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many kinds, he was at all times capable of committing, and incapable of avoiding, slips of grammar and syntax—slips which may indeed be called small, but which are not the less gross—and other oversights, such as rhymes left unsupplied, or nullified by writing the wrong word. In another sense, however, he was not a careless writer. Though no poetry bears a more visible stamp of inspiration, his MSS. show that this inspiration did not subside at once into its true and final verbal medium. The false starts, cancellings, blottings, and re-writings, which his first drafts exhibit, are a surprising and bewildering phenomenon. At length one comes upon the right reading—
"Pinnacled dim in the intense inane."
Casualty also played a considerable part in the mischances of Shelley's printed works. Thus Queen Mab was only privatelyprinted, and then piratically published; the Revolt of Islam is a slightly modified re-issue of a withdrawn book; Epipsychidion, Hellas, and the volumes containing Rosalind and Helen and Prometheus Unbound, were printed in England while the poet lived in Italy, and without his having any proofs to revise; CEdlpus Tyrannus was printed under similar circumstances, and immediately suppressed; The Cenci and Adonais had the minor misfortune of being first printed in alien Italy, though under the author's own eye; Julian and Maddalo, the Witch of Atlas, and a number of shorter poems, were posthumous publications; the Triumph of Life remains a stately fragment amid many minor debris.
Mrs. Shelley brought deep affection and unmeasured enthusiasm to the task of editing her husband's works. But ill health and the pain of reminiscence curtailed her editorial labours: besides which, to judge from the result, you would say that Mrs. Shelley was not one of the persons to whom the gift of consistent accuracy has been imparted; for even this too is a gift in its way, not wholly to be improvised for the occasion.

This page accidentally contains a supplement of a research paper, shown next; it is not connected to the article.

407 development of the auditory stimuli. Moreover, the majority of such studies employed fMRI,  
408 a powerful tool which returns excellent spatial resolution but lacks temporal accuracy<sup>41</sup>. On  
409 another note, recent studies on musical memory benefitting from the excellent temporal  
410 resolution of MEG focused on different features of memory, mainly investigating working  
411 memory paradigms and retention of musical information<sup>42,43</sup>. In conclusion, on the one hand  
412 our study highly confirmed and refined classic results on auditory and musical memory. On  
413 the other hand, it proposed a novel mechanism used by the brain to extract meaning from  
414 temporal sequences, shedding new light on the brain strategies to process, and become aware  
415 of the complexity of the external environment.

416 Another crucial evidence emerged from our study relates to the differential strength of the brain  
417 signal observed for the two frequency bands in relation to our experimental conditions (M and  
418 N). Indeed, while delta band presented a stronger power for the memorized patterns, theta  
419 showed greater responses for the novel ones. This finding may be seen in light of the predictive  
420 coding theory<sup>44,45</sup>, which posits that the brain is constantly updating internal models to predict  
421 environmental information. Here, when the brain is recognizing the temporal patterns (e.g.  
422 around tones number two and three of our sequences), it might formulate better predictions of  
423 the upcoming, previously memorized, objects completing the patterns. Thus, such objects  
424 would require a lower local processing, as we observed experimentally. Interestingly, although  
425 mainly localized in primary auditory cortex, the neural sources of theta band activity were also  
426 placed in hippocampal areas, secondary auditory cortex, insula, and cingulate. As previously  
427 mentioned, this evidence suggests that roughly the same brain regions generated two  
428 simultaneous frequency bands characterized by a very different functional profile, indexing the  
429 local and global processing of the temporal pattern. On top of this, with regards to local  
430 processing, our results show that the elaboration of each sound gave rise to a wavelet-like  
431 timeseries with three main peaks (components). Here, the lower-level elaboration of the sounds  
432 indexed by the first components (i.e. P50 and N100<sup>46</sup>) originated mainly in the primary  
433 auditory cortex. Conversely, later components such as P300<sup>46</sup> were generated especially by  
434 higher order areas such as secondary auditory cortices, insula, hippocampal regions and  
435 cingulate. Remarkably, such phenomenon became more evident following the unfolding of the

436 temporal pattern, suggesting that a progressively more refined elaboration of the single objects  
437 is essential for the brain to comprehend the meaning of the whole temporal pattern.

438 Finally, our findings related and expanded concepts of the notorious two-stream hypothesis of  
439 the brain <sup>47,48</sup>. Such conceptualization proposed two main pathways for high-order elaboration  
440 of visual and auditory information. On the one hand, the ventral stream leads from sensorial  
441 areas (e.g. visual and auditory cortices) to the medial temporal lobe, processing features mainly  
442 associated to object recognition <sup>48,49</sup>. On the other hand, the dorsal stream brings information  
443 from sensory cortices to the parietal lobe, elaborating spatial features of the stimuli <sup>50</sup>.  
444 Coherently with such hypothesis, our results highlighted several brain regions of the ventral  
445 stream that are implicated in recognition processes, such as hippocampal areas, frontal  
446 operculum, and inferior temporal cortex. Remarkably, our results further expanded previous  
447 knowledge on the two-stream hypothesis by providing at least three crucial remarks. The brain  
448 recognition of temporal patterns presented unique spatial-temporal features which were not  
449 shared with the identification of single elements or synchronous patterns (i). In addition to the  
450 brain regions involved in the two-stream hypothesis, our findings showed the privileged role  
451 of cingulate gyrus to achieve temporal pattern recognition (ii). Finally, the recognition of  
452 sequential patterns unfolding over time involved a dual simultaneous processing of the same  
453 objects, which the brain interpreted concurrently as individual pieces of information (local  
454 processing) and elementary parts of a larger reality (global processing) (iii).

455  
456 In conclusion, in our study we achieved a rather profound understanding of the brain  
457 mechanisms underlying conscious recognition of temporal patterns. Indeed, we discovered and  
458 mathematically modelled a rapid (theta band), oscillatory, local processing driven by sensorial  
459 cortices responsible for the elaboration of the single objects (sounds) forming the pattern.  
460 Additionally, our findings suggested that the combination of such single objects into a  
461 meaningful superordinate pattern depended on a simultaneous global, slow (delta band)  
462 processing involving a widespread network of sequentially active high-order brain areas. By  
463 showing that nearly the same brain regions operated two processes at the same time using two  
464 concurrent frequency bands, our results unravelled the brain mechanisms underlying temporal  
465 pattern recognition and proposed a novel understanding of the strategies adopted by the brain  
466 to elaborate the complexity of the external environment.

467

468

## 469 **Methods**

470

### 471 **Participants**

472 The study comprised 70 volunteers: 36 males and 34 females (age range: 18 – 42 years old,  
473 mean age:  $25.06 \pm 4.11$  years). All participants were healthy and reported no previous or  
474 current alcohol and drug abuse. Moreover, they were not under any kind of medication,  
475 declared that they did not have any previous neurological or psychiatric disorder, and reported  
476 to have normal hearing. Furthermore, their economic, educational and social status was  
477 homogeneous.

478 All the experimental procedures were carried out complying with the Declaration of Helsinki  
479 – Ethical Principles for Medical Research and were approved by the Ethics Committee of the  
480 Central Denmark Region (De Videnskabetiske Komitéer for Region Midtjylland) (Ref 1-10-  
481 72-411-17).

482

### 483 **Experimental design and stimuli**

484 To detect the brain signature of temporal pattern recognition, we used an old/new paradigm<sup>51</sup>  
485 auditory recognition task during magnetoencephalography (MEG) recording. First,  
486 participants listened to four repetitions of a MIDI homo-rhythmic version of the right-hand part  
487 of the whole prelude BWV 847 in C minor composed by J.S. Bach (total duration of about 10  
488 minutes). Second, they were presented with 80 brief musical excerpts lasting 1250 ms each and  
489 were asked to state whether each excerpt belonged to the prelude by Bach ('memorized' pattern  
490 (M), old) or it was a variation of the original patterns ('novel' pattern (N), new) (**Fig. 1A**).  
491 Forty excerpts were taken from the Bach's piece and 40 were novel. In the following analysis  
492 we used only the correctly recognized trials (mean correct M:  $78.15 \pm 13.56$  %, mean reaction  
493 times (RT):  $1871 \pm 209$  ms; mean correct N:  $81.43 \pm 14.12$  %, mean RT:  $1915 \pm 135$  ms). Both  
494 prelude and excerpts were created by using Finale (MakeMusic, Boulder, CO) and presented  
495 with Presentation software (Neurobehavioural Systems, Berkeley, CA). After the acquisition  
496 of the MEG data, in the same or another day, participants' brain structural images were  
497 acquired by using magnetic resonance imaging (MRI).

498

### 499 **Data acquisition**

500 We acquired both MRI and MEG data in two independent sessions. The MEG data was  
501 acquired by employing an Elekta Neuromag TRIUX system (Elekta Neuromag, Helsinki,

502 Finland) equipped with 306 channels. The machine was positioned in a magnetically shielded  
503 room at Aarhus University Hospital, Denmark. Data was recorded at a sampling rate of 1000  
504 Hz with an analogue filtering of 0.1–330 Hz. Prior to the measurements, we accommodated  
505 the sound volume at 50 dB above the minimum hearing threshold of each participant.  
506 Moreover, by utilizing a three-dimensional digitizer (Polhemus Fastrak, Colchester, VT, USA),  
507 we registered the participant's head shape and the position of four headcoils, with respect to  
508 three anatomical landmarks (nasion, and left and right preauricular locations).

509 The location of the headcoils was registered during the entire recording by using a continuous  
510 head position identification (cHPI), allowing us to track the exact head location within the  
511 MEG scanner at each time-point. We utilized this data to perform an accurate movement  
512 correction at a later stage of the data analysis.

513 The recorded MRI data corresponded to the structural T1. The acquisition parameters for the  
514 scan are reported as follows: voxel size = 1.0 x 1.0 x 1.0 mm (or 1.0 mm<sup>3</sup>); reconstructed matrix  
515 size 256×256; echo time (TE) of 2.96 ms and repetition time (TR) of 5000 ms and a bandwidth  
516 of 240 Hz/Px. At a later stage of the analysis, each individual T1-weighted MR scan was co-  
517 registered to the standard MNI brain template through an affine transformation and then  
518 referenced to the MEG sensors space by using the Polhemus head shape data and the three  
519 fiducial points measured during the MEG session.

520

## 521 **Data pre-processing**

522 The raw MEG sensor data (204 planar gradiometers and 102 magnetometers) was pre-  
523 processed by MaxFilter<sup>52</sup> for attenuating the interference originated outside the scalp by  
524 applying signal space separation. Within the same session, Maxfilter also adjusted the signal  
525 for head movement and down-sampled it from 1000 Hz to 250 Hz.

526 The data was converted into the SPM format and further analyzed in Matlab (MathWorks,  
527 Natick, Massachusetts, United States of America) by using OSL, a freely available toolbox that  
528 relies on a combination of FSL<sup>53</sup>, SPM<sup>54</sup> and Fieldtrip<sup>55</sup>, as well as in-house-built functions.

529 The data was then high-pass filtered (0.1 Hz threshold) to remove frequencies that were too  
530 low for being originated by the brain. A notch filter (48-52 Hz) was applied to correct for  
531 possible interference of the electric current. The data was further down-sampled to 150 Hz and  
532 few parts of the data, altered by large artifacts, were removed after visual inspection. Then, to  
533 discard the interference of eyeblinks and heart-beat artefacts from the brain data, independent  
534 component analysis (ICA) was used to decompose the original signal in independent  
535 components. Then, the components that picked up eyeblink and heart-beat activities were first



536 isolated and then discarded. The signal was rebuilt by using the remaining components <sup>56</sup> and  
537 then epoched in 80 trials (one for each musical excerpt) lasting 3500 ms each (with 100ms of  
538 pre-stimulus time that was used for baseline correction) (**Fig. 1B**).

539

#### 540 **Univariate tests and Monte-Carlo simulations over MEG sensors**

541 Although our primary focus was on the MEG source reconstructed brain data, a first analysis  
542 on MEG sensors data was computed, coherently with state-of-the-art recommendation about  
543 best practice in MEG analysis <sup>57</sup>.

In preparing the present edition for the press, I have been enabled to collate the collected edition supervised by Mrs. Shelley (in its three current forms of publication) with the original printed texts of all the poems, save only the semiprivate first Epipsychidion. I have also, through the liberality of Mr. Garnett, received various snatches of verse, mostly fragmentary, hitherto not printed in any form; and have had the privilege of deciphering for myself a MS. book of Shelley, belonging to his son, and containing very considerable additions to the unfinished tragedy of Charles the First. Of the principal poems (or the great majority of them) the MSS., I understand, are not now known to exist.
I have innovated to some extent upon Mrs. Shelley's distribution of the poems; thinking it more reasonable that works of substantial length, such as Rosalind and Helen, Julian and Maddalo, and Epipsychidion, should appear among the longer poems, instead of among the miscellaneous poems of their respective years. On the other hand, I have placed among fragments a good number of pieces which really are fragmentary, but which had hitherto been intermixed with the complete compositions. 1 have also, in all subdivisions, carried out more minutely the record of dates, and (save as concerns the translations) the sorting of the poems according to that criterion. A glance at the table of contents will show the reader what these subdivisions are, — Principal Poems, Miscellaneous Poems, Fragments, Translations, and Appendix, as well as the dates of the several works. These are the dates of composition, not necessarily of first publication.
The Appendix is a feature new to any edition of Shelley. It contains a number of his juvenile writings extracted from divers sources, some variations of the printed text of the poems, and other odds and ends. Anything that I have found of an earlier date than 1813, when Queen Mab was printed, I treat as a juvenile poem. I must here avow and premise, for the use of all gainsayers, that I regard the main body of these juvenile poems as being not only poorish sort of stuff, but absolute and heinous rubbish; the " clotted nonsense" of a boy in whom even an acute literary prophet would have failed to divine, as in any wise conceivable, the author of A las tor at twenty-three years of age, of Prometheus Unbound at twenty-seven, and of a most glorious and in some respects unexampled body of poetry